Program will award air quality credits for telecommuting

The Associated Press
Wednesday August 22, 2001

LOS ANGELES — Businesses were offered a powerful incentive Tuesday to allow workers to telecommute – pollution credits that can be used to reduce taxes or sold to other companies for cash. 

U.S. Commerce Secretary Norman Mineta told more than 100 business and government representatives that the pilot program is designed to reduce traffic and auto emissions by encouraging workers to “e-commute.” 

But just as important, it includes strong economic rewards for doing so. 

“E-commuting is a tool that can help make your employees more productive workers,” Mineta said during an appearance in downtown Los Angeles. “It could be the best thing you do for your bottom line this year.” 

Los Angeles is one of five cities chosen for the pilot project. The cities, which include Houston, Denver, Philadelphia and Washington, D.C., were chosen because of their poor air quality. 

The program is being administered by the federal Environmental Protection Agency. It rewards companies that allow employees to work from home, which presumably reduces the number of cars on the road as well as their emissions. 

Air quality credits will be issued based on an Internet-based survey that companies submit for each employee. The credits can be used to offset fines for pollution caused by such activities as operating a power plant or refinery. 

The program also establishes an exchange where companies that have no use for the credits can sell them. 

The city of Anaheim is interested in the program for its 5,000 workers in part so its municipal utility can use the credits to offset emissions from future power plants. 

“We have an ongoing rideshare program and would see this as very complementary to that,” said John Lower, traffic and transportation manager for the city of Anaheim. “As part of our rideshare annual survey, we’re going to ask our employees if their typical work would be conducive to working at home. I could do some of my work, at least half a day or one day every couple of weeks at home.”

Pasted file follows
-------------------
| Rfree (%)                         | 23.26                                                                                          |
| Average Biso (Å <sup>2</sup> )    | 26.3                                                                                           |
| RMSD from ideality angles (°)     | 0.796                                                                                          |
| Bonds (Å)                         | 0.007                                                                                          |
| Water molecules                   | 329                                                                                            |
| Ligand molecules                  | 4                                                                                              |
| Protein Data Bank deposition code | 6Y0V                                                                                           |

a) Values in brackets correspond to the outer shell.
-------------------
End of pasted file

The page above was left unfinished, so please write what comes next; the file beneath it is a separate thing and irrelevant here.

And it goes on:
The state requires power plants to offset 100 percent of the expected emissions, either by installing special equipment or acquiring air quality credits. Often companies sell excess credits to others who need them. The e-commuting program is the first time credits generated from mobile sources are being allowed to offset emissions from stationary sources, according to the National Environmental Policy Institute, a nonprofit organization helping coordinate the program. 

It will be months before local officials determine if there is sufficient interest in the program and design a system to award and exchange the credits. 

The program stems from federal legislation passed in 1999, when allowing employees the option to work at home was an important retention tool in a booming economy. 

Tuesday, officials said companies should be even more interested in telecommuting, given the challenges of the current economic downturn. 

“For a company working on the margins, any productivity gains are an advantage,” Mineta said. 

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